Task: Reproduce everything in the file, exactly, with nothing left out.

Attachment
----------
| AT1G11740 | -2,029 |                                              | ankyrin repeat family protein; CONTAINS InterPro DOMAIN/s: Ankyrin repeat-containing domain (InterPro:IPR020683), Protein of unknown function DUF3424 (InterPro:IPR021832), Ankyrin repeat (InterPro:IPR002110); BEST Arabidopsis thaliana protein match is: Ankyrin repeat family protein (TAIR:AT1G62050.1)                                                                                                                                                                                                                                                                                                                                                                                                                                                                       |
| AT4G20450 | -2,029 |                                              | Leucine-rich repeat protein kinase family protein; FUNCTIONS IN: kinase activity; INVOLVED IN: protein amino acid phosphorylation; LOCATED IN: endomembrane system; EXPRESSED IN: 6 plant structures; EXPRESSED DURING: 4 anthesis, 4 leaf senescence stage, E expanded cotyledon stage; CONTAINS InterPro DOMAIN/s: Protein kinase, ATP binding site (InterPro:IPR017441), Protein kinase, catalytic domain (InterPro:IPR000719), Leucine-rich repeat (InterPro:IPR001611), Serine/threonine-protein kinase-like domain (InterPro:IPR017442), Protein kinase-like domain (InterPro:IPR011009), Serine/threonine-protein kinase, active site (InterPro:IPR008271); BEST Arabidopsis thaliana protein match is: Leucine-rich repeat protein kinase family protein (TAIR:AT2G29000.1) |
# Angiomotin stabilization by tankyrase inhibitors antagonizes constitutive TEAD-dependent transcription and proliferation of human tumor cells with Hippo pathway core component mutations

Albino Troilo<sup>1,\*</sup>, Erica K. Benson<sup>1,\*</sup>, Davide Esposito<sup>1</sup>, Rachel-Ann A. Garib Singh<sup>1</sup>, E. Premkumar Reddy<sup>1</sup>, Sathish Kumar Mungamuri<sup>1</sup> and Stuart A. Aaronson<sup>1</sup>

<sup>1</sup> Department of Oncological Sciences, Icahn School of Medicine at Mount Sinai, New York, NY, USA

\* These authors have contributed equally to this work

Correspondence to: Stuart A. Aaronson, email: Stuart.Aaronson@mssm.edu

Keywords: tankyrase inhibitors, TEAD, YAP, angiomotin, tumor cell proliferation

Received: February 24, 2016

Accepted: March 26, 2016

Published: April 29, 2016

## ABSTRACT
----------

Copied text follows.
| AT1G11740 | -2,029 |                                              | ankyrin repeat family protein; CONTAINS InterPro DOMAIN/s: Ankyrin repeat-containing domain (InterPro:IPR020683), Protein of unknown function DUF3424 (InterPro:IPR021832), Ankyrin repeat (InterPro:IPR002110); BEST Arabidopsis thaliana protein match is: Ankyrin repeat family protein (TAIR:AT1G62050.1)                                                                                                                                                                                                                                                                                                                                                                                                                                                                       |
| AT4G20450 | -2,029 |                                              | Leucine-rich repeat protein kinase family protein; FUNCTIONS IN: kinase activity; INVOLVED IN: protein amino acid phosphorylation; LOCATED IN: endomembrane system; EXPRESSED IN: 6 plant structures; EXPRESSED DURING: 4 anthesis, 4 leaf senescence stage, E expanded cotyledon stage; CONTAINS InterPro DOMAIN/s: Protein kinase, ATP binding site (InterPro:IPR017441), Protein kinase, catalytic domain (InterPro:IPR000719), Leucine-rich repeat (InterPro:IPR001611), Serine/threonine-protein kinase-like domain (InterPro:IPR017442), Protein kinase-like domain (InterPro:IPR011009), Serine/threonine-protein kinase, active site (InterPro:IPR008271); BEST Arabidopsis thaliana protein match is: Leucine-rich repeat protein kinase family protein (TAIR:AT2G29000.1) |
# Angiomotin stabilization by tankyrase inhibitors antagonizes constitutive TEAD-dependent transcription and proliferation of human tumor cells with Hippo pathway core component mutations

Albino Troilo<sup>1,\*</sup>, Erica K. Benson<sup>1,\*</sup>, Davide Esposito<sup>1</sup>, Rachel-Ann A. Garib Singh<sup>1</sup>, E. Premkumar Reddy<sup>1</sup>, Sathish Kumar Mungamuri<sup>1</sup> and Stuart A. Aaronson<sup>1</sup>

<sup>1</sup> Department of Oncological Sciences, Icahn School of Medicine at Mount Sinai, New York, NY, USA

\* These authors have contributed equally to this work

Correspondence to: Stuart A. Aaronson, email: Stuart.Aaronson@mssm.edu

Keywords: tankyrase inhibitors, TEAD, YAP, angiomotin, tumor cell proliferation

Received: February 24, 2016

Accepted: March 26, 2016

Published: April 29, 2016

## ABSTRACT